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jberryhill

(62,444 posts)
Tue Oct 8, 2019, 04:27 PM Oct 2019

Update on the motion to stay in the Trump tax return case


As discussed previously, an NY prosecutor, Cyrus Vance Jr., is seeking to obtain Trump's tax returns from his accountants in relation to an investigation being conducted by the State of New York.

Trump has filed a federal case claiming a broad immunity to disclosure of the information sought by the State of New York.

The federal district judge shot that down in a scathing decision, in response to which Trump filed a motion for a stay pending expedited review by the 2nd Circuit Court of Appeals (the federal appeals court which hears cases from New York).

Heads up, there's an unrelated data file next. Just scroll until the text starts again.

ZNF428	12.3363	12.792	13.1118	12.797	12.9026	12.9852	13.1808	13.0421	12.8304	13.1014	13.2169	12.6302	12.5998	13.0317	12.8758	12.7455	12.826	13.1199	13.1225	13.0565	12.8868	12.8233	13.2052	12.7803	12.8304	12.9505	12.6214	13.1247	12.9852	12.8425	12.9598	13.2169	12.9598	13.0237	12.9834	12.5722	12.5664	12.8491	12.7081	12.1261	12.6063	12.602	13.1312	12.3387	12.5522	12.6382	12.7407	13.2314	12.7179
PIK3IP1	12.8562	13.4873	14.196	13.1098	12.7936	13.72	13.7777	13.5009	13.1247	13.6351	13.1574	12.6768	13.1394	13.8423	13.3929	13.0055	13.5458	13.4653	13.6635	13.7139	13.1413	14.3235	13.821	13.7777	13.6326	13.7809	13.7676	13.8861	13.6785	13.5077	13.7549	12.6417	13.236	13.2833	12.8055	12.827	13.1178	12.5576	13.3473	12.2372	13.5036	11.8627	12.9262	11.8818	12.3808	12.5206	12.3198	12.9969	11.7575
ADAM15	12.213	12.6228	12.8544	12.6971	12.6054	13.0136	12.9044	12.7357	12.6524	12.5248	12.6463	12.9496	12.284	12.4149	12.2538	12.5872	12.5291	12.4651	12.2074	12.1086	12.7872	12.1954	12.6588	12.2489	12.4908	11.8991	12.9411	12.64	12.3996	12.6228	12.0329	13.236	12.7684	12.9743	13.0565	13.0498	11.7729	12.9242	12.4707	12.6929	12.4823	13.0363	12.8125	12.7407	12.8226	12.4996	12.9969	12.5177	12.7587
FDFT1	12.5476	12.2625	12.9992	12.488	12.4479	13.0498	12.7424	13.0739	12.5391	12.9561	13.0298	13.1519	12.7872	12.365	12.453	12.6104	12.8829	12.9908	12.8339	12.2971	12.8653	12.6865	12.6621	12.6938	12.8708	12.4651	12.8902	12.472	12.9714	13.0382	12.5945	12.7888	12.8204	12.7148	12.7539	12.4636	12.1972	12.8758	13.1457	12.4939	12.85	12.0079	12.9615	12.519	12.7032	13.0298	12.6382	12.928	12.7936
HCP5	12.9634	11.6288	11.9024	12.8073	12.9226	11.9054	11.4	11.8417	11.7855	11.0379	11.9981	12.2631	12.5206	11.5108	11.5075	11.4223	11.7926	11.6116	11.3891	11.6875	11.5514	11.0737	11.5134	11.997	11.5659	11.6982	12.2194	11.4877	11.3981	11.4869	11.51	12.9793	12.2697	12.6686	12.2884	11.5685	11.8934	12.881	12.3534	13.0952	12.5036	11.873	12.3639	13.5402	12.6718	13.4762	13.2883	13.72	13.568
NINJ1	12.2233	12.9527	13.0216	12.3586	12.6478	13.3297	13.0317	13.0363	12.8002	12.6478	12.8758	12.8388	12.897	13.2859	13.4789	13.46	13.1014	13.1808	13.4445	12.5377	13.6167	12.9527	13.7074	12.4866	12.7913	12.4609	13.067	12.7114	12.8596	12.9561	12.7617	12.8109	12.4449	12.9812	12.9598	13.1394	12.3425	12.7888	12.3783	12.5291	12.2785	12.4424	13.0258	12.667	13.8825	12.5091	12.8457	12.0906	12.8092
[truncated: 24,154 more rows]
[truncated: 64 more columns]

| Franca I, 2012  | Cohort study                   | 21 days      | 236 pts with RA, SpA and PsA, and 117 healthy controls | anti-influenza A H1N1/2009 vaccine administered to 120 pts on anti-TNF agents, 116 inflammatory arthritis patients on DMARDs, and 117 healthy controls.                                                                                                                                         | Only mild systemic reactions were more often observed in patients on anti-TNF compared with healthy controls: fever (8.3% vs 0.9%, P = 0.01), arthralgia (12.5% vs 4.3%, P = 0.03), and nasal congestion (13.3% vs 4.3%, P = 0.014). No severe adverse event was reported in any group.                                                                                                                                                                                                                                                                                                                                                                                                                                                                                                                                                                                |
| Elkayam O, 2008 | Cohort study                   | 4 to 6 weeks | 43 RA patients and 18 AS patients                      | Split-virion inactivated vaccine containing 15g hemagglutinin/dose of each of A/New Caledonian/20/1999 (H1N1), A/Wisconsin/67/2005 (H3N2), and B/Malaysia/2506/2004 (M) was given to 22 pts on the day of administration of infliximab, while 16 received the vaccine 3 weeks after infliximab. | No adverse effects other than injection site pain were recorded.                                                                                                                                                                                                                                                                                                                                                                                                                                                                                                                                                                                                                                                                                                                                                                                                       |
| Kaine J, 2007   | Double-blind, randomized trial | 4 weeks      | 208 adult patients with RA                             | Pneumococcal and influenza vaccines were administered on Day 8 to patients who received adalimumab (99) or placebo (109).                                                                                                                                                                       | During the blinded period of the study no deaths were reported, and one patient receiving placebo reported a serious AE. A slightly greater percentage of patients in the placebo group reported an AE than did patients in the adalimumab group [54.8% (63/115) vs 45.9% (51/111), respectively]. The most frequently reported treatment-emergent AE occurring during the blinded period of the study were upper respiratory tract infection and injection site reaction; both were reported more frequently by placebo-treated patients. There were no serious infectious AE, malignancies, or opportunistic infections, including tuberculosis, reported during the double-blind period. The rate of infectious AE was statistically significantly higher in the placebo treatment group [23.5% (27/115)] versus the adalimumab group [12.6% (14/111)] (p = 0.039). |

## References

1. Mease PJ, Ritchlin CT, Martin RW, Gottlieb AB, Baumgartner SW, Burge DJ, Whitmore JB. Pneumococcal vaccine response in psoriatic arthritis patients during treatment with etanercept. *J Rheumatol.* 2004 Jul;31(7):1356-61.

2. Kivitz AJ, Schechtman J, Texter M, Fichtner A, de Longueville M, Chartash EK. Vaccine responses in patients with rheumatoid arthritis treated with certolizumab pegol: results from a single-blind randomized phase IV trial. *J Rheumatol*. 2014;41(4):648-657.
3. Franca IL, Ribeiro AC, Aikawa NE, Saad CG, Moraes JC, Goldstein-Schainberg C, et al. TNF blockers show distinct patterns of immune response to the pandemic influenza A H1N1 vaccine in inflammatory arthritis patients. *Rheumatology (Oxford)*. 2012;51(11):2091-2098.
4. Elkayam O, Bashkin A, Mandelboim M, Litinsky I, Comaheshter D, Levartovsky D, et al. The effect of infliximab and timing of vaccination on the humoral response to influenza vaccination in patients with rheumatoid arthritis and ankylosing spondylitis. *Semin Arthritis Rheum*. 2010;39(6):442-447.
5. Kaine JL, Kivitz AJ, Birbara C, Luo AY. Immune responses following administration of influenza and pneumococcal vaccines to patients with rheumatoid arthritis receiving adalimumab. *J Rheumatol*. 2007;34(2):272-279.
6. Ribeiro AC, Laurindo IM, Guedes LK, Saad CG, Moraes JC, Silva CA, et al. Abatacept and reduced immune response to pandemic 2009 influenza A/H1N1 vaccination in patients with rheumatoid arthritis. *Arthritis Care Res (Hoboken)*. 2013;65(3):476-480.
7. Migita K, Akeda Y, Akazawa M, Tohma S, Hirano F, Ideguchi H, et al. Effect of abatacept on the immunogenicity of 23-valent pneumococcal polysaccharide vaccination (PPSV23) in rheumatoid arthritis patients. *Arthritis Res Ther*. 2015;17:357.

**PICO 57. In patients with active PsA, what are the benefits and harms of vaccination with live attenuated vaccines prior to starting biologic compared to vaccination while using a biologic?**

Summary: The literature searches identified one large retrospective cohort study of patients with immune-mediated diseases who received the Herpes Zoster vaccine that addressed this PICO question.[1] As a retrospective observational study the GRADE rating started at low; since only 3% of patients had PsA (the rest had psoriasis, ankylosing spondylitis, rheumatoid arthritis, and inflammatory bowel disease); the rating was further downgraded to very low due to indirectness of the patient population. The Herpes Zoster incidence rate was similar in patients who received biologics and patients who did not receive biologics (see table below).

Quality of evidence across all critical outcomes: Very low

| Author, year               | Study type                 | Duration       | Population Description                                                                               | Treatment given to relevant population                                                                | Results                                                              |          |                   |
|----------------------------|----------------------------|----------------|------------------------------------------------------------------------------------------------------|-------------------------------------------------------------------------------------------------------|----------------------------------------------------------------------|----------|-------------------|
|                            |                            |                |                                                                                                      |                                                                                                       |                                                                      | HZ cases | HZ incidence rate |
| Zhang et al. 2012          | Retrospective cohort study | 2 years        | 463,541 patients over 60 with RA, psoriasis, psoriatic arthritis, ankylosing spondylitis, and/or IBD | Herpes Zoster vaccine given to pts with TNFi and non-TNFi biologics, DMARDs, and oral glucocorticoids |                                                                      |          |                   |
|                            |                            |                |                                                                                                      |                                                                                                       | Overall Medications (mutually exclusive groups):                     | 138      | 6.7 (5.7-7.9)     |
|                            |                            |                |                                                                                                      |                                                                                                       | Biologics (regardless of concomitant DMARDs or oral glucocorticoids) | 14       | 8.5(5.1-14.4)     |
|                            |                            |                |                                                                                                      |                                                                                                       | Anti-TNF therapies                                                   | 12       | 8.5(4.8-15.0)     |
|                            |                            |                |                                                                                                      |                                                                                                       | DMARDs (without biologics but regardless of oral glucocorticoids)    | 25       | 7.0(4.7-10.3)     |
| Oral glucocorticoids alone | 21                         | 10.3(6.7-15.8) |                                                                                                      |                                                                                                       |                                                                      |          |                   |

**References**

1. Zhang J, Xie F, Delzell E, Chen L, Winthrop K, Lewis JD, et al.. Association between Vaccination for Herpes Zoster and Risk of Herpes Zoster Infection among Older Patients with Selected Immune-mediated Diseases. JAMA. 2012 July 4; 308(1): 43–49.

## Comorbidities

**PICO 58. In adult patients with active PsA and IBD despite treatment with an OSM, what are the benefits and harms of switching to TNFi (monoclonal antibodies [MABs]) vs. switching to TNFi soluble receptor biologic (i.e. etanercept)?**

The 2nd Circuit, quite predictably, granted that motion. It is quite predictable because it would be unusual, regardless of how stupid the claim might seem, for an appellate court to leave a decision concerning a direct question involving the powers and immunities of a Constitutional office in the hands of a single district court judge.

Federal appeals cases, incidentally, are heard either by a panel of three judges, or by the full bench of that appeals court for a "we really mean it" decision which usually places the case in better condition to go to the Supreme Court.

In any event, as noted here, the grant was made by the judge indicated as "RJL" on the 2nd Circuit docket:

https://www.courtlistener.com/docket/14664/trump-v-vance-jr/